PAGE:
fellow-creatures

by Ruth Pitter, 1938 (the drawing is mine… practicing lions.)

The heart shall not be satisfied
Till all creatures hear its word:
The lion's love must be its pride,
Its joy the friendship of a bird.

It would be welcome in the lairs
Of lynxes, and lie down with them,
Would lean upon the sides of bears,
Stroke the wild peacock's diadem:

Confer with singing seals in caves,
With the tall ostrich in the sand,
And where the long liana waves
Touch the great ape's accomplished hand.

How shall the heart such rapture reach
Till the stiff tongue its manners mend,
To say to men, in human speech,
Beloved, immortal spirit, friend?


effort

My relationship to gravity lately feels different. I’ve been reading War & Peace. I have some idea that Tolstoy must have been rather like Pierre: earnest, seeking, humble, receptive, eccentric – holding up different explanations to the light, trying, and discarding them. So the massive jumble of his character’s emotions and events, steadily crushing on with something of the real force of history, doesn’t come ‘clear’, any more than life itself comes ‘clear’, except in flashes here and there.

For me, these flashes have much to do with the way Tolstoy (like the Creator, per Ecclesiastes) ‘sets one thing against another’. The scenes of war against the drawing room scenes; love against disappointment; stirrings of youth against restless old age; successful ambition against downfall. There’s a touchstone in it all till I feel the emptiness, the ‘vanity’ (Ecclesiastes). But like Pierre with the comet, I can glimpse the luminous thing pressing through from beyond the stars, bright with significance. Something which manifests in the Princess Mary as forgiveness, in General Kutuzov as ‘patience and time’, in Tushin as courage, in Natasha as repentance – which seems to be alluded to most comprehensively as ‘the will of God’.

Somehow the sheer massiveness of the book contributes to a sense that everything will eventually end, but meanwhile, the will of God requires our patience (I’m still only about 60 percent of the way through). – It’s wearing away at some ground of my thoughts, shifting my balance in the routines I traverse as I read, and read, and read it. Everything about my life here is going to end. All my relationships, all my efforts – including my efforts in words. Sooner or later, it all has a vanishing point – more likely, sooner. (I’m not Tolstoy.)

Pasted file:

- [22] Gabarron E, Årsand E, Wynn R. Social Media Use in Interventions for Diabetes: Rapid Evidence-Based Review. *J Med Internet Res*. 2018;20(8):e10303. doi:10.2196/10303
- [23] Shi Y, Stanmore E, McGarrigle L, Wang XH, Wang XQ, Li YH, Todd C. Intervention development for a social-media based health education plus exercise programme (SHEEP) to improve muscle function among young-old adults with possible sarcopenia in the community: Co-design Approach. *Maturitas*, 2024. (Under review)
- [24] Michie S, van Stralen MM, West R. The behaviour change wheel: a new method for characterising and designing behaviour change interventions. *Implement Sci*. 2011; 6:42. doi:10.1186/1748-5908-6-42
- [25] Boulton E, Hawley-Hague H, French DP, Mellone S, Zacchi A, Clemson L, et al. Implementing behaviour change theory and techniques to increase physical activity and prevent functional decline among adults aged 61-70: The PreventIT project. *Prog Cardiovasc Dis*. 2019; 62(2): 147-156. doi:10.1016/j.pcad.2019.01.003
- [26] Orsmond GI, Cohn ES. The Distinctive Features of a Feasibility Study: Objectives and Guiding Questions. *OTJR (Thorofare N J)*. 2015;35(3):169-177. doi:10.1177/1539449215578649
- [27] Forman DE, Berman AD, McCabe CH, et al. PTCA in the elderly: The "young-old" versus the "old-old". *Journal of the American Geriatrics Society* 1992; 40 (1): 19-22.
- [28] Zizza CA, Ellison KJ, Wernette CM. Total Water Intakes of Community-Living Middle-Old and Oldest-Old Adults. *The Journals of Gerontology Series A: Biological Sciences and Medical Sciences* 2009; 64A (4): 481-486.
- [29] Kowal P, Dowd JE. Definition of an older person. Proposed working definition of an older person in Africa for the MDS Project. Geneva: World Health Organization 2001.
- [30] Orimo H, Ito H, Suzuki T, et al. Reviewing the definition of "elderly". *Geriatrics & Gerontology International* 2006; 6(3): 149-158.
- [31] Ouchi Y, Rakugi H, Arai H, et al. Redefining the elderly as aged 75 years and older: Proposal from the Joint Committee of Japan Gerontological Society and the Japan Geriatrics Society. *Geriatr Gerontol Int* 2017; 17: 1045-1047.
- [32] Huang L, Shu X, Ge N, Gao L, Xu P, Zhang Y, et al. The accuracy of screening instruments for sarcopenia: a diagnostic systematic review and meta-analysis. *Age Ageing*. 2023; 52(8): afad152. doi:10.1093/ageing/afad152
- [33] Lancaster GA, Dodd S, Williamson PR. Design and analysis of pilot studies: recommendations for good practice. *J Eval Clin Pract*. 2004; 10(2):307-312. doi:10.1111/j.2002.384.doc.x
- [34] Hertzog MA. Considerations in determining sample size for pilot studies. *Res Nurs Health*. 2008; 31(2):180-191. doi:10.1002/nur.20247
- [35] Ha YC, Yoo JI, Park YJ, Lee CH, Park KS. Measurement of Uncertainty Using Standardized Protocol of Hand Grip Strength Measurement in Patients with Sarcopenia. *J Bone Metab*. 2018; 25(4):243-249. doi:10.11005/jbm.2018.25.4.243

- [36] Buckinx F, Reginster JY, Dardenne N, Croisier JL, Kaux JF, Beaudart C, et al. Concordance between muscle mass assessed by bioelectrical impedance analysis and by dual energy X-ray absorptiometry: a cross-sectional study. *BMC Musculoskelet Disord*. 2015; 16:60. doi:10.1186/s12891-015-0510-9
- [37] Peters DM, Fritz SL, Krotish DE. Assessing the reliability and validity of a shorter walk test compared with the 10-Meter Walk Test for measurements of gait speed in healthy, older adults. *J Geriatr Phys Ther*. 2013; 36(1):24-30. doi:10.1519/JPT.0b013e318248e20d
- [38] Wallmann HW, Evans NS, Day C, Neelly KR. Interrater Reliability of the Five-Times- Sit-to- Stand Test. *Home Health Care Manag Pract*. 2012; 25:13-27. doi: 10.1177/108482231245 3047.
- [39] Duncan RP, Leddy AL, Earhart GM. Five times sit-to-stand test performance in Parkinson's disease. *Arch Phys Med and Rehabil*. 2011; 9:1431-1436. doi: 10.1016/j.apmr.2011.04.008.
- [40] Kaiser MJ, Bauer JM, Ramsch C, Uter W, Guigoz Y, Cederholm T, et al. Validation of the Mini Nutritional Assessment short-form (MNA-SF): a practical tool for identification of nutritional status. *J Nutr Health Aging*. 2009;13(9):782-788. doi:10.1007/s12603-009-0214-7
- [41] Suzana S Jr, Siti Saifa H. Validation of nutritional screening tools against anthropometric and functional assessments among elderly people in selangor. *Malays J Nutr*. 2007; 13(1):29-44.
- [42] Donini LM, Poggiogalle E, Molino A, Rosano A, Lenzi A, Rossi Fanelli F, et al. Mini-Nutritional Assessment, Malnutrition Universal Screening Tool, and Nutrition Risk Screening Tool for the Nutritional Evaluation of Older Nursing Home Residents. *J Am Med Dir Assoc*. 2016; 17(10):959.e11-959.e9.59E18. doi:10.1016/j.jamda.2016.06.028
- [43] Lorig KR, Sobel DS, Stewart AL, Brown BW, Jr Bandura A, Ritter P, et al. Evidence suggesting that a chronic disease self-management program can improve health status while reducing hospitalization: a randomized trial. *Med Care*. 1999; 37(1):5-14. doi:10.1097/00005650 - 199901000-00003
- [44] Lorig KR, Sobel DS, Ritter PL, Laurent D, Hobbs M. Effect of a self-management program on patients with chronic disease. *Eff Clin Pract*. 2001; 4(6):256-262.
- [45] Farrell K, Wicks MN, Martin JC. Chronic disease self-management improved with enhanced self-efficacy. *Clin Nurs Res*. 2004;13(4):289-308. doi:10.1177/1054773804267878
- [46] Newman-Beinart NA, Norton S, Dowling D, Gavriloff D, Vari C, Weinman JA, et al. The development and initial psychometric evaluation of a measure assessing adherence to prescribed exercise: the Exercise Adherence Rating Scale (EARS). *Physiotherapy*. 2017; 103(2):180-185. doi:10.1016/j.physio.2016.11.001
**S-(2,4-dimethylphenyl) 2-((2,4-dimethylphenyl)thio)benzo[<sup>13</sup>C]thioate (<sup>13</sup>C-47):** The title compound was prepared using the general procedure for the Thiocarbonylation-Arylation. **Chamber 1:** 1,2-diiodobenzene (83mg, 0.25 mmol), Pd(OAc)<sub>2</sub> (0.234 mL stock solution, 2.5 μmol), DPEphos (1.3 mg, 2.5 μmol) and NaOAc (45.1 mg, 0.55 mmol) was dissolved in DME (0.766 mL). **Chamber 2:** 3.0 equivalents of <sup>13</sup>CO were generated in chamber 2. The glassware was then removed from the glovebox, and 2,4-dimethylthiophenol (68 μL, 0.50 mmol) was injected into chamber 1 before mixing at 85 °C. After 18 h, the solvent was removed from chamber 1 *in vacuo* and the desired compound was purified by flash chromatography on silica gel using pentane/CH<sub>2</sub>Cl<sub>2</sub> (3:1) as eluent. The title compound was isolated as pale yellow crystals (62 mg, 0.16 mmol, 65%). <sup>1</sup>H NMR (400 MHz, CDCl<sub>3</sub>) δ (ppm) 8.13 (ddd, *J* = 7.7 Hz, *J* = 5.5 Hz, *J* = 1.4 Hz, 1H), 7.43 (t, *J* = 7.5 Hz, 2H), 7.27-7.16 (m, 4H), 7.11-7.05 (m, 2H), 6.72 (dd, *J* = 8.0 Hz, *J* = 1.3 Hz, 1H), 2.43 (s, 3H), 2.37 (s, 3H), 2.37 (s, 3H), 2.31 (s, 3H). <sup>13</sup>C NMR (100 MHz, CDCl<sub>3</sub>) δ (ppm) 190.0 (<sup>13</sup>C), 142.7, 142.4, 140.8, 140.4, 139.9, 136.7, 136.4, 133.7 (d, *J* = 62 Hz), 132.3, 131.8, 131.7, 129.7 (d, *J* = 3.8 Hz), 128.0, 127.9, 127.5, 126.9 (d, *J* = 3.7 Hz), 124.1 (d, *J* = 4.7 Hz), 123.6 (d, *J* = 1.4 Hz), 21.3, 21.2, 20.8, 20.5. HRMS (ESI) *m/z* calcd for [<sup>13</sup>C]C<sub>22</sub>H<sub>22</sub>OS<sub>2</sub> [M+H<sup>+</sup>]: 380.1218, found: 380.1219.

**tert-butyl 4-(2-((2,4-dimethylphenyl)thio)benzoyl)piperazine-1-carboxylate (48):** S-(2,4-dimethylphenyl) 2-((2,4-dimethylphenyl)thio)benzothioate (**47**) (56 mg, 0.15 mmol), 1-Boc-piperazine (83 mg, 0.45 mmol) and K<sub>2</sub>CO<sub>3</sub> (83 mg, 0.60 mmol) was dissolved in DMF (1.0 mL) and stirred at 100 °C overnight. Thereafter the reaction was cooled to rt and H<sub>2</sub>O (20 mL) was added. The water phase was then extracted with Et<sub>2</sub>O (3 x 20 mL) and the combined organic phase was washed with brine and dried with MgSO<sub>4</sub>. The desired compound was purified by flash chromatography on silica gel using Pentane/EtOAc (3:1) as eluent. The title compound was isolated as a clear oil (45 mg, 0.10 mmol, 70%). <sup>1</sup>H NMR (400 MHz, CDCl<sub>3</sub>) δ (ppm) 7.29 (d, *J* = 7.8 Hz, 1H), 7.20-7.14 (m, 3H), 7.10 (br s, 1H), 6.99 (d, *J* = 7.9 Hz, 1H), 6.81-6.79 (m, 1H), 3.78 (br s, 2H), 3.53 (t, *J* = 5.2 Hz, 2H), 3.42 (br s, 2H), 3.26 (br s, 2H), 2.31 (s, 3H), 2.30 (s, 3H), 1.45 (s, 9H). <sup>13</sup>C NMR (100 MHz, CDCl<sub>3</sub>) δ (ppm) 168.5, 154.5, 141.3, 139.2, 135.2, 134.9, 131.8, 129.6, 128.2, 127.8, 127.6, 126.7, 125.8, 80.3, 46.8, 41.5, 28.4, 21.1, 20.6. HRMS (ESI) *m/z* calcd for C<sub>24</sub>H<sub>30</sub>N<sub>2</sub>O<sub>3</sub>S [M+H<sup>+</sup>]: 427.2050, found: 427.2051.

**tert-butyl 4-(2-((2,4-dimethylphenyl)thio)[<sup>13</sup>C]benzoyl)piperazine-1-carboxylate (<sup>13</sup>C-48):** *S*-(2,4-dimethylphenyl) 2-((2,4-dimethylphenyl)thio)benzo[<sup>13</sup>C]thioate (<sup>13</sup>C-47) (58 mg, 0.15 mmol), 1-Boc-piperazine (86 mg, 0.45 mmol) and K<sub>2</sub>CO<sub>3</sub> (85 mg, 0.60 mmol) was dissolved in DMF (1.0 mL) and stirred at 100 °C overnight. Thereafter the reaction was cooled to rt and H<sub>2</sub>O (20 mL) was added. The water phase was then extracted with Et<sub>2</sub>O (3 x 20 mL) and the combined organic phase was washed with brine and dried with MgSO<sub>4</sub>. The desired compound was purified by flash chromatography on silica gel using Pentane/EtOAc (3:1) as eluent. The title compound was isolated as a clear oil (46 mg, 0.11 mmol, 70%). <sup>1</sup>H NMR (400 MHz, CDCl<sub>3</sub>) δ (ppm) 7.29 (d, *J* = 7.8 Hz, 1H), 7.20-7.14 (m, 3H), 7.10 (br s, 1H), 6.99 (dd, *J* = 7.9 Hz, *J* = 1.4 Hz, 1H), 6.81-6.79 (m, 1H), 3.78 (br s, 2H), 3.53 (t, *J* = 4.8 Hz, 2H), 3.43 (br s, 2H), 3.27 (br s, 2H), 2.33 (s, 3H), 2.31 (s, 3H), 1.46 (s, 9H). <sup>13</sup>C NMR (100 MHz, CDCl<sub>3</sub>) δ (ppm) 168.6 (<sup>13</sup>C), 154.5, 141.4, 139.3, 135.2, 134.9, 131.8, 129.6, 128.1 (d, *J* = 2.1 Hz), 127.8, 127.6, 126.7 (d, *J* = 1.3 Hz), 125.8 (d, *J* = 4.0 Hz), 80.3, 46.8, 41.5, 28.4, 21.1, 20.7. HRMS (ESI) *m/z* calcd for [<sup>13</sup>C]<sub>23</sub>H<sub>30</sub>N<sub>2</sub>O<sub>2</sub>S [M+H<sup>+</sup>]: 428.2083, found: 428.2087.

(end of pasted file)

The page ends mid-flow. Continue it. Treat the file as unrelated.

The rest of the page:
But that point of every individual’s whole temporal world vanishing away, brought forward – submitted to – embraced in our jumbled-up experience, is the place of repentance. It’s the flash of abandoned fear; or of awed, ungrasping love; or the pivot of wisdom and mercy. It’s submission to the luminous significance that is bigger than ourselves, in which we must lose our selves, that beautifies us.

~

For all that Tolstoy held this effort up to the light, too, tried and discarded it – he infused it with something of his searching love; it’s a purifying read. With regard to my hardly noticeable (on a historical scale) life and effort: it doesn’t make me want to give up because it is hardly noticeable, and it will all have an end – it makes me want to focus more intently, less timidly; to care less about outcomes I can’t dispose, and more about the small thing I am given to do, while I can.

I was asked to write the feature poems for the May issue of Quill & Parchment – themes: Motherhood, Memorial Day, and Spring. They’re the first two links on the page (Triptych I and II).

I’m also very glad that a tribute to Leah Sharibu and Twen Theodros was posted at Spirit Fire – two women of our time who have embraced the will of God.